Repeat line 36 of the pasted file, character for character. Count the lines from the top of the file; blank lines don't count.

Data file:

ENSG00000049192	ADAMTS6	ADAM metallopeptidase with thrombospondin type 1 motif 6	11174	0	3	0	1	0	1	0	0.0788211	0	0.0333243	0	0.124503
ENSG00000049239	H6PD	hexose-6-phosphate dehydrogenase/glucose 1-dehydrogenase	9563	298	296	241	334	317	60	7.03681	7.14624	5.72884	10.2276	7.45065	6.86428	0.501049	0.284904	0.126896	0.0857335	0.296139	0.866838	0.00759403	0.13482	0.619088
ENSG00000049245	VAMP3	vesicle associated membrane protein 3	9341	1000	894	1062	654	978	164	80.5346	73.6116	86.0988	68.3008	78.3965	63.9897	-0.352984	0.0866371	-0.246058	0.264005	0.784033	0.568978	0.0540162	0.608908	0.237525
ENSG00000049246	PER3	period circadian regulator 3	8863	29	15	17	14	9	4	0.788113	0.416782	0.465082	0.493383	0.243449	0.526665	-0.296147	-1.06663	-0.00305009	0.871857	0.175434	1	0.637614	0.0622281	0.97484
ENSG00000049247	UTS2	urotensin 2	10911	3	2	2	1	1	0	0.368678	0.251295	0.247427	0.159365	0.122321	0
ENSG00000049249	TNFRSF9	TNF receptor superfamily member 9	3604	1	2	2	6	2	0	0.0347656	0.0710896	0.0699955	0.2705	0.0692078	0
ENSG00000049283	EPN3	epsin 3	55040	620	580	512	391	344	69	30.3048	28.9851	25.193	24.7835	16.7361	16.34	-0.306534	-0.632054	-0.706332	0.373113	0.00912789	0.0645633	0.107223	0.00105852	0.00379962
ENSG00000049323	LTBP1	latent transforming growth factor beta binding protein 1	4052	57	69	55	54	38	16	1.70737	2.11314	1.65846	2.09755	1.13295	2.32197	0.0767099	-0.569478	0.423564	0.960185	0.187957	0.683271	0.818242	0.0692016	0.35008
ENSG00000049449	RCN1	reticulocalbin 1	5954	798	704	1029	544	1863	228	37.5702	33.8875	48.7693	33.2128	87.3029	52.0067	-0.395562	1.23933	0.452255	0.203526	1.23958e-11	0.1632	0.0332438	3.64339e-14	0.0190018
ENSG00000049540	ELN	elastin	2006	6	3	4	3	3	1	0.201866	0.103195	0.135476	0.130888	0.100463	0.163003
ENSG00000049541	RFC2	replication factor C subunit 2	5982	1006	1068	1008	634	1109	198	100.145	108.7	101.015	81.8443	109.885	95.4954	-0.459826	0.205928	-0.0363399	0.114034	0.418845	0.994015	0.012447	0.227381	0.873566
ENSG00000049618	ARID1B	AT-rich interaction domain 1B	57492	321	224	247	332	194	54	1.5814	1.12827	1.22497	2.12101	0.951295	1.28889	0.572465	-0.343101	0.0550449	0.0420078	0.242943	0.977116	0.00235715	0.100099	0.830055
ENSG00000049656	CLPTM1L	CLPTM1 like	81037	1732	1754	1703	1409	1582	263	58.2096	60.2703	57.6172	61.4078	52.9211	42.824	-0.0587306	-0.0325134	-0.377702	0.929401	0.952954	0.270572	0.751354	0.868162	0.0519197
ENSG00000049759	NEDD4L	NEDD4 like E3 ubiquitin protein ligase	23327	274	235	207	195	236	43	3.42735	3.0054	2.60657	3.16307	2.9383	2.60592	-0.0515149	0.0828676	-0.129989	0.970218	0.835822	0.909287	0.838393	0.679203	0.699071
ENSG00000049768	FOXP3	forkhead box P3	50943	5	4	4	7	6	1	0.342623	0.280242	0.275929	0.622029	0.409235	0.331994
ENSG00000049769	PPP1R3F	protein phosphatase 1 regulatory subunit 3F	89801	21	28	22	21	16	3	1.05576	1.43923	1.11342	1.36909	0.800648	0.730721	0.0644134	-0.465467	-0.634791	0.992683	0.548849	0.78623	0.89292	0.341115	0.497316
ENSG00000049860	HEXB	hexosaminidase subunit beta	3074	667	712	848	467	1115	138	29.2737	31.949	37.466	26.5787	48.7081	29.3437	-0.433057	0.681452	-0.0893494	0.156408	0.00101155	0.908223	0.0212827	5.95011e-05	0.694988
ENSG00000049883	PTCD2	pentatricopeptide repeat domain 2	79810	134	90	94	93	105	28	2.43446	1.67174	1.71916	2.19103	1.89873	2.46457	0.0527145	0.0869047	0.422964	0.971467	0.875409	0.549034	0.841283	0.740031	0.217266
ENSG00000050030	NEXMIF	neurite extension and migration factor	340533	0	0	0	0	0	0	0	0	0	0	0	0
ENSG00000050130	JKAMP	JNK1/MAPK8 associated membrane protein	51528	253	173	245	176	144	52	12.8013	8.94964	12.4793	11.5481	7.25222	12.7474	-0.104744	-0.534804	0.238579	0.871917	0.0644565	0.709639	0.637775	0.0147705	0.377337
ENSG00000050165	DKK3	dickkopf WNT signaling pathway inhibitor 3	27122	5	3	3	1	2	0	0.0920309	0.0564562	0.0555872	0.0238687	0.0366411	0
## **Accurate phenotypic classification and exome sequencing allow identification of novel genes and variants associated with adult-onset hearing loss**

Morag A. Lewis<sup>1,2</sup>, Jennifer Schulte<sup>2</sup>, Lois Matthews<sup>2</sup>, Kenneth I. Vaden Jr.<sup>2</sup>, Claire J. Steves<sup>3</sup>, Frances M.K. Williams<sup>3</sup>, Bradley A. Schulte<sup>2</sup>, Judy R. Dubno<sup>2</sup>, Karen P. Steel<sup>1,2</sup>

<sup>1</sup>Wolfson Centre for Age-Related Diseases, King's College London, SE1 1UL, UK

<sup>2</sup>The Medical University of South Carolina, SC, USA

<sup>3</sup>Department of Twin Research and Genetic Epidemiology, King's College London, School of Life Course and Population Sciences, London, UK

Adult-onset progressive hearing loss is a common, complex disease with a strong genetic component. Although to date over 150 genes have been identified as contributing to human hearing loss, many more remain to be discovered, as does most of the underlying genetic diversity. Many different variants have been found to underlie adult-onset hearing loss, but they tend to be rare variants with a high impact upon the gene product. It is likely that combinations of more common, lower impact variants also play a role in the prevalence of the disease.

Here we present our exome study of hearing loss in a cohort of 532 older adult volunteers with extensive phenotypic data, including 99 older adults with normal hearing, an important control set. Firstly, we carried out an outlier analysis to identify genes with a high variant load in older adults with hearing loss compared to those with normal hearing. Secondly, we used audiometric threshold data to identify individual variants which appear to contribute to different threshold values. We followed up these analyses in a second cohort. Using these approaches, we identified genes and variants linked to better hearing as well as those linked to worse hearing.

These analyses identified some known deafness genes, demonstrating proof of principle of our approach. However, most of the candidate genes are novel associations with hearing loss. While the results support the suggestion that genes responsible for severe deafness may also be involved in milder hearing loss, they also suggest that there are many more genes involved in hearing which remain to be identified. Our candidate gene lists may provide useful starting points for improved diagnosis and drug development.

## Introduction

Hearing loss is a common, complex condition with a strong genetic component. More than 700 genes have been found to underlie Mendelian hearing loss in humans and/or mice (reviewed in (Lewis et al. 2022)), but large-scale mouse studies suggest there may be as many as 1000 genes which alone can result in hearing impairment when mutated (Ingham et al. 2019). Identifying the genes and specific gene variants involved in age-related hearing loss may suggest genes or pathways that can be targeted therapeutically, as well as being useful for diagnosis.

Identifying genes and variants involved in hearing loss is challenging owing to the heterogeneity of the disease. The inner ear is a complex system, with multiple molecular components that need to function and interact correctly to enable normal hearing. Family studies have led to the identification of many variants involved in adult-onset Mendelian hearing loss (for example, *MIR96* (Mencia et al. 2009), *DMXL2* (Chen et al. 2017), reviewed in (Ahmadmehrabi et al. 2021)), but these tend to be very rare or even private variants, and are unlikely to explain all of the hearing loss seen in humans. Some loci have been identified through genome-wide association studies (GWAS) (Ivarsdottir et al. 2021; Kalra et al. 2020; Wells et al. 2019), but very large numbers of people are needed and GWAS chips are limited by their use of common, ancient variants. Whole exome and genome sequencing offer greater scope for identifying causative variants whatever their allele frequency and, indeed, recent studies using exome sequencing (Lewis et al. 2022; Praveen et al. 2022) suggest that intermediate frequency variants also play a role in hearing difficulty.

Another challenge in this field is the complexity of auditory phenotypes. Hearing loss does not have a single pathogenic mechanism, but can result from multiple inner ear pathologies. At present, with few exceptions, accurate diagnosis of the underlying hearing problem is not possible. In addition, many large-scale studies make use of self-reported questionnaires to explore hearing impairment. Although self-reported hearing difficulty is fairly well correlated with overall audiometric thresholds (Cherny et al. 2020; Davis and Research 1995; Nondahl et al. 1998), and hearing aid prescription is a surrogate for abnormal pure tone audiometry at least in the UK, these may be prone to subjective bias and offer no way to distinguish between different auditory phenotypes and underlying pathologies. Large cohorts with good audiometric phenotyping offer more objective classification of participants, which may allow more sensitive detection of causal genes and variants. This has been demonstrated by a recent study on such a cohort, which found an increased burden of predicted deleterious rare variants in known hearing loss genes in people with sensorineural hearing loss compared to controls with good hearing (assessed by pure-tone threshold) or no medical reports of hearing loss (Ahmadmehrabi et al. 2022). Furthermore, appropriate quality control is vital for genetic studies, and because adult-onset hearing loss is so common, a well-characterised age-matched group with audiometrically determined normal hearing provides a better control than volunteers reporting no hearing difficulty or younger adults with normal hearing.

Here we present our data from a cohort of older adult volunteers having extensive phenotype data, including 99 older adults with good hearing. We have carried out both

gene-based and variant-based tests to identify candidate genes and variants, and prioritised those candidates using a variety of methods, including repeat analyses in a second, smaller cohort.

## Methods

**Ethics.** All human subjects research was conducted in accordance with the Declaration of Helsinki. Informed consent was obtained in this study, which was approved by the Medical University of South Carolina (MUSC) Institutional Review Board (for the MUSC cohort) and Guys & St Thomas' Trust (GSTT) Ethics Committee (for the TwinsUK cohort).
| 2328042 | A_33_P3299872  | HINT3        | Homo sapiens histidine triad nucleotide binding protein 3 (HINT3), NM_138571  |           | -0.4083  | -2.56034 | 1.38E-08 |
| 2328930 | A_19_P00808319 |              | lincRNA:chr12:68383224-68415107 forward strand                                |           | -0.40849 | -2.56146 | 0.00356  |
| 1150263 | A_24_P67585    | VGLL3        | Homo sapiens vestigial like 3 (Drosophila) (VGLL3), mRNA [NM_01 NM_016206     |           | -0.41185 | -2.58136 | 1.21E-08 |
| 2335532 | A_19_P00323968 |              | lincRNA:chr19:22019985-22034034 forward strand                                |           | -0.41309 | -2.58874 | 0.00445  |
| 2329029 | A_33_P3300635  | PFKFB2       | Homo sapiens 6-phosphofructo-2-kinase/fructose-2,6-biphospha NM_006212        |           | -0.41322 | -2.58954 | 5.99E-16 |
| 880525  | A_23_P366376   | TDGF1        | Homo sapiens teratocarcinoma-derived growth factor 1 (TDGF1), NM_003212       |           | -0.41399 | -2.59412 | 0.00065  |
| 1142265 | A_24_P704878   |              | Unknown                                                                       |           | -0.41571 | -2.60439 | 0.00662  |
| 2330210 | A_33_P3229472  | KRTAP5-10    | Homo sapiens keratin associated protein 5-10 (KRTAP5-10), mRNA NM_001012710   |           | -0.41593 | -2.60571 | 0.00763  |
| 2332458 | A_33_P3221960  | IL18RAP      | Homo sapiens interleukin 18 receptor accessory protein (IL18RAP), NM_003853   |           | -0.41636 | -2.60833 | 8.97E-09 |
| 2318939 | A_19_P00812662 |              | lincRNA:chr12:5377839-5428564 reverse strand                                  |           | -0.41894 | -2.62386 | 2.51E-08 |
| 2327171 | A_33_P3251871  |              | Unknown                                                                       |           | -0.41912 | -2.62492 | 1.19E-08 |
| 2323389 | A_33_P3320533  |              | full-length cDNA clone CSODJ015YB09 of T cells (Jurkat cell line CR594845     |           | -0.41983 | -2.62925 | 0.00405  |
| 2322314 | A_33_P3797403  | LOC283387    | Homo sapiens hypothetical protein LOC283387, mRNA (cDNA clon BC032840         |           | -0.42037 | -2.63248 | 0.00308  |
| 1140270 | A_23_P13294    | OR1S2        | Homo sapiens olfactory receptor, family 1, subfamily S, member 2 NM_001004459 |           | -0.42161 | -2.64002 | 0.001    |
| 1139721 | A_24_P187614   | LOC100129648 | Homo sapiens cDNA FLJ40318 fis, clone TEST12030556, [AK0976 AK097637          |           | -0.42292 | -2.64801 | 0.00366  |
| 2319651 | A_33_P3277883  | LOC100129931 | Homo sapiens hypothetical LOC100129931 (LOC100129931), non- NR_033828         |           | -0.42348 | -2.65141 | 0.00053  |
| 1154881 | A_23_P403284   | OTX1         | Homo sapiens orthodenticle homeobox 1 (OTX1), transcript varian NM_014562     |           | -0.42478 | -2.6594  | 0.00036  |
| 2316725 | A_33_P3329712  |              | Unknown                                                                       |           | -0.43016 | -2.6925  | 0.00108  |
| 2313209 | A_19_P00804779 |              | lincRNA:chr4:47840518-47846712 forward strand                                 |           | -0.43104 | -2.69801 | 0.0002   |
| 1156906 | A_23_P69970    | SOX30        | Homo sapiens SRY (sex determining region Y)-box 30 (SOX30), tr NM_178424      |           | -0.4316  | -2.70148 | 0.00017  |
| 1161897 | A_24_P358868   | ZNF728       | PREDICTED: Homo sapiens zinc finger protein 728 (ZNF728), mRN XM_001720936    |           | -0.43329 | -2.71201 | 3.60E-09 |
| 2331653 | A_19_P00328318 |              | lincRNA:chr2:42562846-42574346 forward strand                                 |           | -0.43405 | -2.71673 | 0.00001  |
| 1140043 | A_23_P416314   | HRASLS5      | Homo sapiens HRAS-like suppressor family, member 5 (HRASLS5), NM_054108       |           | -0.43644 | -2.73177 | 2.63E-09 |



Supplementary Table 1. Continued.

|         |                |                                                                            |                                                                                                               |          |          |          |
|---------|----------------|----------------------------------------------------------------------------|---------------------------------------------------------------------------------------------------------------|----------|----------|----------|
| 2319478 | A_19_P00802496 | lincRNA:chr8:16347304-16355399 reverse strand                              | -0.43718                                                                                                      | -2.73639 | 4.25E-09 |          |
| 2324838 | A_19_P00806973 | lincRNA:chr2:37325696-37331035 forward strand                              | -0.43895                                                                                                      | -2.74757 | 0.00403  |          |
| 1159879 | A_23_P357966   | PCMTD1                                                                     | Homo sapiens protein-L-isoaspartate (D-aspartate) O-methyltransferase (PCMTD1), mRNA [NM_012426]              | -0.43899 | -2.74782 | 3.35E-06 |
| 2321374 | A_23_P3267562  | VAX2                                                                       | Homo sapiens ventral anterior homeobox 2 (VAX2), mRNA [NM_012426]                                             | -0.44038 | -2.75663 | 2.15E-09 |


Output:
## Methods